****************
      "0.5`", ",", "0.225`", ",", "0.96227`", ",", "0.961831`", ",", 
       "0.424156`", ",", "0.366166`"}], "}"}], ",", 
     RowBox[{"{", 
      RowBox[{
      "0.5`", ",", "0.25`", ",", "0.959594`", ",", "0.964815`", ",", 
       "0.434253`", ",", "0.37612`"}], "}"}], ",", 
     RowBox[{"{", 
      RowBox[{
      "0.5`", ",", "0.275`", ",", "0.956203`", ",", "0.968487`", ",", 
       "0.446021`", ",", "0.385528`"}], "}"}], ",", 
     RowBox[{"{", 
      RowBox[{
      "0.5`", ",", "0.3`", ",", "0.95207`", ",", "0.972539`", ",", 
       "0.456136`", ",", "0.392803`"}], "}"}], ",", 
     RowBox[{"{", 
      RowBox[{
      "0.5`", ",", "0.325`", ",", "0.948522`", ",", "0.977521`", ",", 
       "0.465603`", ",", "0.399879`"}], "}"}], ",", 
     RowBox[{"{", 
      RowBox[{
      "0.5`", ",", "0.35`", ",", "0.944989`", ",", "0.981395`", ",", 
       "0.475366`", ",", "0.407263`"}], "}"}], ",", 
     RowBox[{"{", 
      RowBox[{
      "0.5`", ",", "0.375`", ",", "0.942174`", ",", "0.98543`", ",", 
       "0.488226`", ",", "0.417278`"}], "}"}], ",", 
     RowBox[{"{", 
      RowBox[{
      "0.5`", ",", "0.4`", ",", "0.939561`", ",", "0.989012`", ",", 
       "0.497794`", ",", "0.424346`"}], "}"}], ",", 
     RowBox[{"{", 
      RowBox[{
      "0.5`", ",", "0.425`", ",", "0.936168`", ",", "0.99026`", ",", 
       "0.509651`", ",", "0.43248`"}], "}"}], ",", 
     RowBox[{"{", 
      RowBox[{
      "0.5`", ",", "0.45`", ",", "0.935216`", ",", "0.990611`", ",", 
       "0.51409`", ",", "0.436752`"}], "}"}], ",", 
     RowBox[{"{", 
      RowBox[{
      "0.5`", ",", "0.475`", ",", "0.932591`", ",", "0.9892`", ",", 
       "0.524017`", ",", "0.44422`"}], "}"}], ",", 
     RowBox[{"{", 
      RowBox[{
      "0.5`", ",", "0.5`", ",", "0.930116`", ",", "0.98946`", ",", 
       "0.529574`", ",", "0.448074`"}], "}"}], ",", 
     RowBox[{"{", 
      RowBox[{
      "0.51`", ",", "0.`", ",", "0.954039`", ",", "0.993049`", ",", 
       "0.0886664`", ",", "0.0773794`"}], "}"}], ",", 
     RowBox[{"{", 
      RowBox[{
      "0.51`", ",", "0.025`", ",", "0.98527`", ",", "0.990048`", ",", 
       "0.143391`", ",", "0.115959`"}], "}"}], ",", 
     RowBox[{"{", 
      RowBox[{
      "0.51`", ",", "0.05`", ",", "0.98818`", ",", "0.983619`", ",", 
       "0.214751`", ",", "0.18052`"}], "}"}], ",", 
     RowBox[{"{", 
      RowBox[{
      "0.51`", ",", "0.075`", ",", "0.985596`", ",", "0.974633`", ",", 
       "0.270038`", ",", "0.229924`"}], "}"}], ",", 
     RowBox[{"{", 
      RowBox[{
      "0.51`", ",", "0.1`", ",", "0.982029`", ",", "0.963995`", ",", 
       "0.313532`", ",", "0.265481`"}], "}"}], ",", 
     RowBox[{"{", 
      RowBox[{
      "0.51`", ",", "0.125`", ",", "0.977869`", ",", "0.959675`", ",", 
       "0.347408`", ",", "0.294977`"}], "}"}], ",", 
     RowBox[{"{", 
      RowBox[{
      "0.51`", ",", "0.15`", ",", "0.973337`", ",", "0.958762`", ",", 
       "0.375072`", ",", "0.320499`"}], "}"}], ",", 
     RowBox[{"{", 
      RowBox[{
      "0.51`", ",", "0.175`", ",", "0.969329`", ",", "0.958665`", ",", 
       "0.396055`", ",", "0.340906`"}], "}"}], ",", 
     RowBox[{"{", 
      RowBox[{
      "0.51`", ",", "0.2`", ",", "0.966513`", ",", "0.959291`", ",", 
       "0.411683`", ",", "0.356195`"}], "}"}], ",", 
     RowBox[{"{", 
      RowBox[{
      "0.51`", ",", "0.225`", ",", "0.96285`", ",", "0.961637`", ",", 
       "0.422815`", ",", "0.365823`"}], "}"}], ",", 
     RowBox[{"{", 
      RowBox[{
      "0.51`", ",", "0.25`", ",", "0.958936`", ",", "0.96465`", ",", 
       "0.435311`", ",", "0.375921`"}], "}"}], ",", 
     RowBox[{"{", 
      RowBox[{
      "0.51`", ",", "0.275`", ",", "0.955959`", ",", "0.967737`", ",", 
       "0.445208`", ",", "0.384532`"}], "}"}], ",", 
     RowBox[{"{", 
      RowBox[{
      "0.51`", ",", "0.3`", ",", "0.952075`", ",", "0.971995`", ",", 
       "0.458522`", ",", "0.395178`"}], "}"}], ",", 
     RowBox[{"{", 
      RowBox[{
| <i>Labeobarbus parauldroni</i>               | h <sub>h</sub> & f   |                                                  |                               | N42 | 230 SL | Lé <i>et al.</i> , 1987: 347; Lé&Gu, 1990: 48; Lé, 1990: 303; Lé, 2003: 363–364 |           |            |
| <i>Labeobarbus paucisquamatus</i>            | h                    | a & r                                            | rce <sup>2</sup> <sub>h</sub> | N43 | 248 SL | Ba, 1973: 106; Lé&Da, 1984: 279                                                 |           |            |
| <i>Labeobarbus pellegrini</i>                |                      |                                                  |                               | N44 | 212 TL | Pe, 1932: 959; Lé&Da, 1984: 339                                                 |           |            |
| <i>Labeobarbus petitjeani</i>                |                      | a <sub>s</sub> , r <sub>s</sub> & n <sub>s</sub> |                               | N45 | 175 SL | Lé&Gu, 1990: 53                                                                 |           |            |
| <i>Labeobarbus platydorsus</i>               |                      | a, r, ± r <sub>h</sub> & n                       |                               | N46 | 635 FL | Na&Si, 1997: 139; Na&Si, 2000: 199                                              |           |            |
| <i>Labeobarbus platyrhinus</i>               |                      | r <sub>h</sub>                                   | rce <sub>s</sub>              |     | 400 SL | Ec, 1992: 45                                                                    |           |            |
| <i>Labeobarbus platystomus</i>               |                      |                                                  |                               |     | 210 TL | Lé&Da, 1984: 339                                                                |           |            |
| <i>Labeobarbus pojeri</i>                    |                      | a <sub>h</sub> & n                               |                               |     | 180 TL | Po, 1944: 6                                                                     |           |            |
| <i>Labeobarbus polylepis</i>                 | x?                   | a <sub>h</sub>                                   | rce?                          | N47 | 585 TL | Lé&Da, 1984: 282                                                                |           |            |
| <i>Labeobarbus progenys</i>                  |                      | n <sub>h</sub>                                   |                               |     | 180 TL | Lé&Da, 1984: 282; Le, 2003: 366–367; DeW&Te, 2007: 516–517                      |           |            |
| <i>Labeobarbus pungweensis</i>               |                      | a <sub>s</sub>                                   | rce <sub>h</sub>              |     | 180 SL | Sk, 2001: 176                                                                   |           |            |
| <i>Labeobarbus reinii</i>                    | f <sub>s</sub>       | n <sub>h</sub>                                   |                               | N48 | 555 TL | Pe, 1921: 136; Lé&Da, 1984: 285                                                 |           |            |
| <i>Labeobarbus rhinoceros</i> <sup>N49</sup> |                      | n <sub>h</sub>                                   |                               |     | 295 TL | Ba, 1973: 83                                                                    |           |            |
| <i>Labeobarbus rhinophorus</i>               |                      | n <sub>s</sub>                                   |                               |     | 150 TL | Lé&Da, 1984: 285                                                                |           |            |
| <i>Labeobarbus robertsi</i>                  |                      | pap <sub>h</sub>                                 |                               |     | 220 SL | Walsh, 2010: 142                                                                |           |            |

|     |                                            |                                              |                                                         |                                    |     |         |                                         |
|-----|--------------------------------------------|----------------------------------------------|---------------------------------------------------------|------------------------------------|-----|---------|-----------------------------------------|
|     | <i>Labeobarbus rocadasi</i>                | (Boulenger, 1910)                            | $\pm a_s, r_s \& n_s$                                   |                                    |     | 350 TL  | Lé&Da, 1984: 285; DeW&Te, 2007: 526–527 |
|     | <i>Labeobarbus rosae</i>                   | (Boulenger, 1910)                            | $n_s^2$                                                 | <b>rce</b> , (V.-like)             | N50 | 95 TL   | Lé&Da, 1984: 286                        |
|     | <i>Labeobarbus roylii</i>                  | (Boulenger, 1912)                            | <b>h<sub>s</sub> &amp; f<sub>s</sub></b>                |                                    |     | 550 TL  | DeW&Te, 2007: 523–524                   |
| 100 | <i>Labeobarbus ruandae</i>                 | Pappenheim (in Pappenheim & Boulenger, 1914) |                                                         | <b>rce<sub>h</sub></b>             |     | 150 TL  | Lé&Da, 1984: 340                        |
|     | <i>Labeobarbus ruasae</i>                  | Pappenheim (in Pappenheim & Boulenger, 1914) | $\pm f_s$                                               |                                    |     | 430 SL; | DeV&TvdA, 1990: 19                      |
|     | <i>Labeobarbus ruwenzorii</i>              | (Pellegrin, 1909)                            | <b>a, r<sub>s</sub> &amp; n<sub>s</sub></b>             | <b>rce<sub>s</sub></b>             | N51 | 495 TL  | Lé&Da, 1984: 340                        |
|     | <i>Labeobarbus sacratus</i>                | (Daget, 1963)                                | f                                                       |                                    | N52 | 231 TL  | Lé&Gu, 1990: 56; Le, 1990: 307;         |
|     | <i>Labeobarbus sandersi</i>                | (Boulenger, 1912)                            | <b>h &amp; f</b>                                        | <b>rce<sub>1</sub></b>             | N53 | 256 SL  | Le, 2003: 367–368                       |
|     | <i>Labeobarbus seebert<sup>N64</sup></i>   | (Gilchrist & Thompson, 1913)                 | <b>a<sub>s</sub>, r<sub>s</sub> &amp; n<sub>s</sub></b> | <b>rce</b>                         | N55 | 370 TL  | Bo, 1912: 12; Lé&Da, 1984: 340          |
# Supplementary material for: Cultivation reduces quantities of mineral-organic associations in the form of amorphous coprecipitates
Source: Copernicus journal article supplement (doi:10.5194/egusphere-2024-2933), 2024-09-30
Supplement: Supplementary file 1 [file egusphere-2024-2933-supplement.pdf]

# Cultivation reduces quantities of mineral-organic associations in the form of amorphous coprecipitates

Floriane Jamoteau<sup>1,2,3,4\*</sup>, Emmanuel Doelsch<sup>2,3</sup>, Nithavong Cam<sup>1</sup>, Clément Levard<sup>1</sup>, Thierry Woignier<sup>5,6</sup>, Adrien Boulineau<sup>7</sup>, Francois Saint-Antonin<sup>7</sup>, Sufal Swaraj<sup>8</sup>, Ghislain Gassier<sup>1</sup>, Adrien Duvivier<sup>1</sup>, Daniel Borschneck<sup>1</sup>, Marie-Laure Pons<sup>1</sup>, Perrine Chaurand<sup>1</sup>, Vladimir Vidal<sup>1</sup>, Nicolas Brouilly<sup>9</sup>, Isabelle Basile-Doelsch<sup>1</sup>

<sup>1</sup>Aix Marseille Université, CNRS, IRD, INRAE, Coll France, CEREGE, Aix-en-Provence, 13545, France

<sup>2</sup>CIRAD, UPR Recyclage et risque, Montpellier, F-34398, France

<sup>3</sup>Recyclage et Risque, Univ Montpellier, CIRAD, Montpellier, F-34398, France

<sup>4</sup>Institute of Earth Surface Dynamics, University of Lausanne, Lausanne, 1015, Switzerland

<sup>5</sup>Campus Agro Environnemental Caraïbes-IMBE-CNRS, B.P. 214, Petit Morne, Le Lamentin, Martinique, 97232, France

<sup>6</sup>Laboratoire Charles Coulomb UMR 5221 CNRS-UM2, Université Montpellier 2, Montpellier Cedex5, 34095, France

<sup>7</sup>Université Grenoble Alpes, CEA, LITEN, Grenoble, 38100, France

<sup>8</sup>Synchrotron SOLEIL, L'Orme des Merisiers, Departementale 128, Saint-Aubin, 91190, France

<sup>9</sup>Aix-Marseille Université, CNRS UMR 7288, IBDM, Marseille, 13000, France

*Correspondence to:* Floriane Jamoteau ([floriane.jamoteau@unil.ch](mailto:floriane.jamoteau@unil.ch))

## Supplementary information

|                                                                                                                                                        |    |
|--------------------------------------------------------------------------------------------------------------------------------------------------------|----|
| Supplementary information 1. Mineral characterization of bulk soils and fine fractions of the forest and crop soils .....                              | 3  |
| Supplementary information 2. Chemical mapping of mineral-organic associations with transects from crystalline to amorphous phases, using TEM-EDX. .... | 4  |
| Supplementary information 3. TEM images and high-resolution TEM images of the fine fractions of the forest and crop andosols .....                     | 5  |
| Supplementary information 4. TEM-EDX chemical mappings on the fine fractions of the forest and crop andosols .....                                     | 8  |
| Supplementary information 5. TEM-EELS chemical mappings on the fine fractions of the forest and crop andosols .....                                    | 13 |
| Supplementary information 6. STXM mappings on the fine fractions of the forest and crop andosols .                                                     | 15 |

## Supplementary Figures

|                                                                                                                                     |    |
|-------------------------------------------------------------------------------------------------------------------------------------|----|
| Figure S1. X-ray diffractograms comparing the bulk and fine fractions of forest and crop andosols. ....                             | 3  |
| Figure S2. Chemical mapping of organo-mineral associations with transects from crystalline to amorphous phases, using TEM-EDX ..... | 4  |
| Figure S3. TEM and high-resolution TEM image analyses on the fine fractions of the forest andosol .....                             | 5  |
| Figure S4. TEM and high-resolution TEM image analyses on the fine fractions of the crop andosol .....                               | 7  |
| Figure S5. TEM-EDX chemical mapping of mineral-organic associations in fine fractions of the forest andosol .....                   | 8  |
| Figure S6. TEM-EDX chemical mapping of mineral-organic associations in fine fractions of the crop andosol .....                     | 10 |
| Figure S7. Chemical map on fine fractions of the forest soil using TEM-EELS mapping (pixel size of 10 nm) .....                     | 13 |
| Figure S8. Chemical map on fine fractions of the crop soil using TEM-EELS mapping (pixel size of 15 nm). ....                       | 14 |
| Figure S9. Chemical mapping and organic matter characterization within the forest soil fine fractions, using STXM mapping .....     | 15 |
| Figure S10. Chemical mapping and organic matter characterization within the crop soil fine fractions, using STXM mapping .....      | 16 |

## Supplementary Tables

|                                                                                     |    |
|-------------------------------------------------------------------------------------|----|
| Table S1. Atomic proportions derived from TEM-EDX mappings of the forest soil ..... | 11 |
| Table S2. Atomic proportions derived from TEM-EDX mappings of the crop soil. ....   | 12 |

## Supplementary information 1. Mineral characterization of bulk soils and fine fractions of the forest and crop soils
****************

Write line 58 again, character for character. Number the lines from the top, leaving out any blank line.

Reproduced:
       "0.214751`", ",", "0.18052`"}], "}"}], ",", 